The best of the five-color mana producers, City of Brass comes out a-blazing on turn one, allowing you to cast any one-mana spell in the game be it blue, red, green, white or black. The drawback? Whenever the City becomes tapped, you take a point of damage. Unlike other painlands (which require a conscious activation to incur pain), the City triggers damage when being tapped by outside sources. This includes Icy Manipulator and Rishadan Port. It also allowed players to use Mirror Universe to kill their opponents back before Sixth Edition rules, since you could tap your City of Brass during your upkeep to take a point of damage, and then switch your life totals (yours being at zero or below) before the end of the phase.
Now we're getting juicy. Wasteland kills any other land on this list, period. While it is somewhat ineffective against mono-colored decks (but even those often run utility lands on this list), one cannot underestimate the power of a land-destruction spell which cannot be countered.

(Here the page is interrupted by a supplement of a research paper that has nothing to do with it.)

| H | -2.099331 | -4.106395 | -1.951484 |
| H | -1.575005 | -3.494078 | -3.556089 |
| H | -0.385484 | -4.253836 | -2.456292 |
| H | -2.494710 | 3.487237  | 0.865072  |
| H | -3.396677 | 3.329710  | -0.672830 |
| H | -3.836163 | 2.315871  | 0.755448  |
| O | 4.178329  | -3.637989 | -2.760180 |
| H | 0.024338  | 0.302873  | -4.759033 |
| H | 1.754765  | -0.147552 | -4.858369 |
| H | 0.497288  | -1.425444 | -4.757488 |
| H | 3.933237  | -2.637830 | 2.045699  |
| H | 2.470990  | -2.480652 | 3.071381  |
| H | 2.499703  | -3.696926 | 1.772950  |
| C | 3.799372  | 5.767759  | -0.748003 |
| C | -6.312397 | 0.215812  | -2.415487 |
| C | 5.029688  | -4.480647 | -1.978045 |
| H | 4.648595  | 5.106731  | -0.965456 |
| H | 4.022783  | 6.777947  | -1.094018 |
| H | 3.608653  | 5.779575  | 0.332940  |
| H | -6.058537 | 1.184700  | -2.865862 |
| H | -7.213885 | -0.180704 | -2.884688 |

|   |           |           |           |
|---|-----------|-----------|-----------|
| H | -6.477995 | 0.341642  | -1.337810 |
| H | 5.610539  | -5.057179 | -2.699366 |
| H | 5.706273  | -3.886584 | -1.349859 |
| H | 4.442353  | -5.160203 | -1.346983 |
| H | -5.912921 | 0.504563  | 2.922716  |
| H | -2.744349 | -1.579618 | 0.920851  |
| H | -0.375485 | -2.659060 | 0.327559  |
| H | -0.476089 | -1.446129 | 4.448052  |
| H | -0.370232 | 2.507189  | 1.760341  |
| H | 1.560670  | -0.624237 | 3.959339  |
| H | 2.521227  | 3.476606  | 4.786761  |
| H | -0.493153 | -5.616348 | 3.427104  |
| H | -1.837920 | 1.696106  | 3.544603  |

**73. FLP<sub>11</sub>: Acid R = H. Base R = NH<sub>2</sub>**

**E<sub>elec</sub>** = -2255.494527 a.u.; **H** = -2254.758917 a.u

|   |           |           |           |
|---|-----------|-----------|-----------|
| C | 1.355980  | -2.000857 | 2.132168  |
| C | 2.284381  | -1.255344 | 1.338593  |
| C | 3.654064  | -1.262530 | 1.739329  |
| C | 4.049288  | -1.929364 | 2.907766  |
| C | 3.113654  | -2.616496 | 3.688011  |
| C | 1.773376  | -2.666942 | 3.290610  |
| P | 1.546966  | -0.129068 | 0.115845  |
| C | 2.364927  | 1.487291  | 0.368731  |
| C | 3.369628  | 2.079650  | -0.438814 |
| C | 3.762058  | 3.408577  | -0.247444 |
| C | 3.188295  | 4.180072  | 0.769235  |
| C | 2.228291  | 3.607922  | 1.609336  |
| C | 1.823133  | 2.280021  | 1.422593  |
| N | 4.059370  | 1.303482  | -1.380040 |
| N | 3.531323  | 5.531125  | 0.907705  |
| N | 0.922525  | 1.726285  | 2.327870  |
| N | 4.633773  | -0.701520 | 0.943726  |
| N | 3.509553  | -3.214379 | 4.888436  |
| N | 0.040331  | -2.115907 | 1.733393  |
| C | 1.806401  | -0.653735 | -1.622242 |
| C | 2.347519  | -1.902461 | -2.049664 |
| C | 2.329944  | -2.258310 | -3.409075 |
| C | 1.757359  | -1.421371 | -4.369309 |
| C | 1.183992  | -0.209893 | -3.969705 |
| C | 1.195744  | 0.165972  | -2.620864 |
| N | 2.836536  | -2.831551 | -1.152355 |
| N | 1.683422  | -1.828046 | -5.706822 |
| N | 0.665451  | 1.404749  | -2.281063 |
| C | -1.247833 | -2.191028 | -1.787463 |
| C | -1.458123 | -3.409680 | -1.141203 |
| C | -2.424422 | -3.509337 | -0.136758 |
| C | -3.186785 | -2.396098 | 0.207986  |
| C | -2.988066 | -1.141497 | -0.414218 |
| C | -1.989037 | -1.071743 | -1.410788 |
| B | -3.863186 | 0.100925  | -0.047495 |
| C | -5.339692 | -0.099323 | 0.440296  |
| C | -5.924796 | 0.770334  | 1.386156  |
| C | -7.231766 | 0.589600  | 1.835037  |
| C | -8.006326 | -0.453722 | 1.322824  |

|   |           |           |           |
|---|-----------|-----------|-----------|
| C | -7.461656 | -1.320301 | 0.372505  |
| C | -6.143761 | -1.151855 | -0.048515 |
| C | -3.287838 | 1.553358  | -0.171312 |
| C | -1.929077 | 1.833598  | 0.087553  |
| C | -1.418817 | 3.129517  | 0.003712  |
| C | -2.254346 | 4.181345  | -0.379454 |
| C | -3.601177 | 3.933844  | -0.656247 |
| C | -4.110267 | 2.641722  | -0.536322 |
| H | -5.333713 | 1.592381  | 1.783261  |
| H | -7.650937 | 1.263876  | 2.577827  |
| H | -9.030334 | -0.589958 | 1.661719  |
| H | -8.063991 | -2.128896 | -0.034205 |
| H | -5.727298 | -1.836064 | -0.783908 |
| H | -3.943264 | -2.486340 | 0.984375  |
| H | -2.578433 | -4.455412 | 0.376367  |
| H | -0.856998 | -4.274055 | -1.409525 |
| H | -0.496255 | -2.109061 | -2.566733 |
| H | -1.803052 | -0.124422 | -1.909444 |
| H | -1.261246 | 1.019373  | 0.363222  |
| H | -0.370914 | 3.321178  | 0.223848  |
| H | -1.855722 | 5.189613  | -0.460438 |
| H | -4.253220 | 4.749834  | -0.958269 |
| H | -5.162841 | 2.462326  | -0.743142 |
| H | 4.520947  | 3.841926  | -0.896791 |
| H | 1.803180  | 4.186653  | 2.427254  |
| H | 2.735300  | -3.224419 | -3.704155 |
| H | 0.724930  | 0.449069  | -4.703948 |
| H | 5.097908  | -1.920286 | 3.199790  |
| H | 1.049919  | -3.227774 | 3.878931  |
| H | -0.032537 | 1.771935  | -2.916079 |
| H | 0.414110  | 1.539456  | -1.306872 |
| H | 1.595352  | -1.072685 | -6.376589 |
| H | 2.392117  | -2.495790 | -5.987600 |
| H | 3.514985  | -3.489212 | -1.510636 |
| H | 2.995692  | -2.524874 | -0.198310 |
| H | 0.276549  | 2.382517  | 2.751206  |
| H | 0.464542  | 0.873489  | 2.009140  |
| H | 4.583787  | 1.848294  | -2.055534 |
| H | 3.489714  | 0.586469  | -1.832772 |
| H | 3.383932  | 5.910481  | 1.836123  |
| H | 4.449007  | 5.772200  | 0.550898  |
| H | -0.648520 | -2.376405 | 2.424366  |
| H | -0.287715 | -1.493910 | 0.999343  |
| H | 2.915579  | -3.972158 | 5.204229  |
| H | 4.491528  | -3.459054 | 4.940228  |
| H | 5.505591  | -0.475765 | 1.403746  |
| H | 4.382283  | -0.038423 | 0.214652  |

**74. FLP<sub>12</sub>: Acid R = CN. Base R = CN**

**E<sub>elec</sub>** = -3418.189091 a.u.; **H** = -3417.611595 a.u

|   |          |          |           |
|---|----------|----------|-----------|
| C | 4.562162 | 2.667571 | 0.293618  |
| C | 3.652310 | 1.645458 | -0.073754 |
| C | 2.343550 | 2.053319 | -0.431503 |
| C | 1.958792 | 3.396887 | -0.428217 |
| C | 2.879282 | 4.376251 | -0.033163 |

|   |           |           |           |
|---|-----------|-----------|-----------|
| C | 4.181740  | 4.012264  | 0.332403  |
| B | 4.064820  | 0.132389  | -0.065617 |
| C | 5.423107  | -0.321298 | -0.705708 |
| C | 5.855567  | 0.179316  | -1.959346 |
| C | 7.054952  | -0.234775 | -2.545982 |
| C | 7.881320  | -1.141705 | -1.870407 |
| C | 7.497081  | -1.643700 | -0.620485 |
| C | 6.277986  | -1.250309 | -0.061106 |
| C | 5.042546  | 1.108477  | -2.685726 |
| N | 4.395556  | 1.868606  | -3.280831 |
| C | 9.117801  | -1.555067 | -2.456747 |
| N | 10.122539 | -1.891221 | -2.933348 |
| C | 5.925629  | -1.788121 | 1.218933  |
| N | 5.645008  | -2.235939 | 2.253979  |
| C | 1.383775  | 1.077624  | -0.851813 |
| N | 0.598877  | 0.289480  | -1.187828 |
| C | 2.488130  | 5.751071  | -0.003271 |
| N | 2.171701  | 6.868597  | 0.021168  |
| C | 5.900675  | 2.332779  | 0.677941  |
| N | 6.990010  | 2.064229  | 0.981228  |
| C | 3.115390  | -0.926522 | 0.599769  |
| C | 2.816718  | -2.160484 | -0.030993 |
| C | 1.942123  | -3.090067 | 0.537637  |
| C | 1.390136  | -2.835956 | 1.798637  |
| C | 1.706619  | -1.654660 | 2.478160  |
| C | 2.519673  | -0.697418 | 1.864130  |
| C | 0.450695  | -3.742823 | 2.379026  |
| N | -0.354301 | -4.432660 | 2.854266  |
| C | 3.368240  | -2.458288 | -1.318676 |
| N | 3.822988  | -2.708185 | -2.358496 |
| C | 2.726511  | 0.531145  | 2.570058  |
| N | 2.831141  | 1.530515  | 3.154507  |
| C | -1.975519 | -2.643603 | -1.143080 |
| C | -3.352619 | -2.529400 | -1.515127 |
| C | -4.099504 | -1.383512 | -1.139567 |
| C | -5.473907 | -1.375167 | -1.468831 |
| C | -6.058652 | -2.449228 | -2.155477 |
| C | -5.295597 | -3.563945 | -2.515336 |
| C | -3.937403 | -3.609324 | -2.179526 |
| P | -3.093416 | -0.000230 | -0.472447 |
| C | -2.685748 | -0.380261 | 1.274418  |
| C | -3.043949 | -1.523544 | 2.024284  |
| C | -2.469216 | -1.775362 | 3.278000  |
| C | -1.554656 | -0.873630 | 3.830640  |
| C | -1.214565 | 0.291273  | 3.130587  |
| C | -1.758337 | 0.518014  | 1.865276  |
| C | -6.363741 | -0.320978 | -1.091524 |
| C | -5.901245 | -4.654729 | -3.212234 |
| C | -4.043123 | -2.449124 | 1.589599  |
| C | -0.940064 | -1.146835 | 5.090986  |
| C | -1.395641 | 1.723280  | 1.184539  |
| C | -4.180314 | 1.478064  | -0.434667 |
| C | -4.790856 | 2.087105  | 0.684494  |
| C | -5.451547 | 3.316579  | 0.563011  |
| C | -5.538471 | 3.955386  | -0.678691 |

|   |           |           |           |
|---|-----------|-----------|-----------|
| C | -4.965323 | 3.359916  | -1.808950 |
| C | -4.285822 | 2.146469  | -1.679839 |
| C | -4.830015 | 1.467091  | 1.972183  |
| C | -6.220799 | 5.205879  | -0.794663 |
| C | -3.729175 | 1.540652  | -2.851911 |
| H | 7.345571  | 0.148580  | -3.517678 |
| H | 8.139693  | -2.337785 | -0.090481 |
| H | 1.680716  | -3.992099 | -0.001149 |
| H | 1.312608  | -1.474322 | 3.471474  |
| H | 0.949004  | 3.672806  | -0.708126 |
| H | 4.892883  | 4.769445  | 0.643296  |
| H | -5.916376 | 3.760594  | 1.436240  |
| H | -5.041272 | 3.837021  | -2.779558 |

8. Onslaught Fetch Lands
Take the Mirage fetch lands and make them faster — now you've got the Onslaught versions, the amazing mana-fixers which thin and shuffle your deck all for the low, low cost of one life. See, decks such as "red burn" don't like drawing too many lands each game. They also need to develop their mana curve turn after turn, so they can't afford cards like Rocky Tar Pit — the tempo cost would make them lose. However, Wooded Foothills allows them to trade a valueless resource (early-game life) for a supremely valuable one (thinning out lands from the deck). It's not unusual to see mono-colored weenie decks running only 6-8 basic lands and eight fetch lands these days. The Onslaught fetch lands also work well with Sylvan Library and Brainstorm (just like the Mirage ones), can't be killed by targeted land destruction spells (you simply sacrifice them in response), and are generally a godsend to players looking for two (or more!) colors of mana for their decks.
7. Mishra's Workshop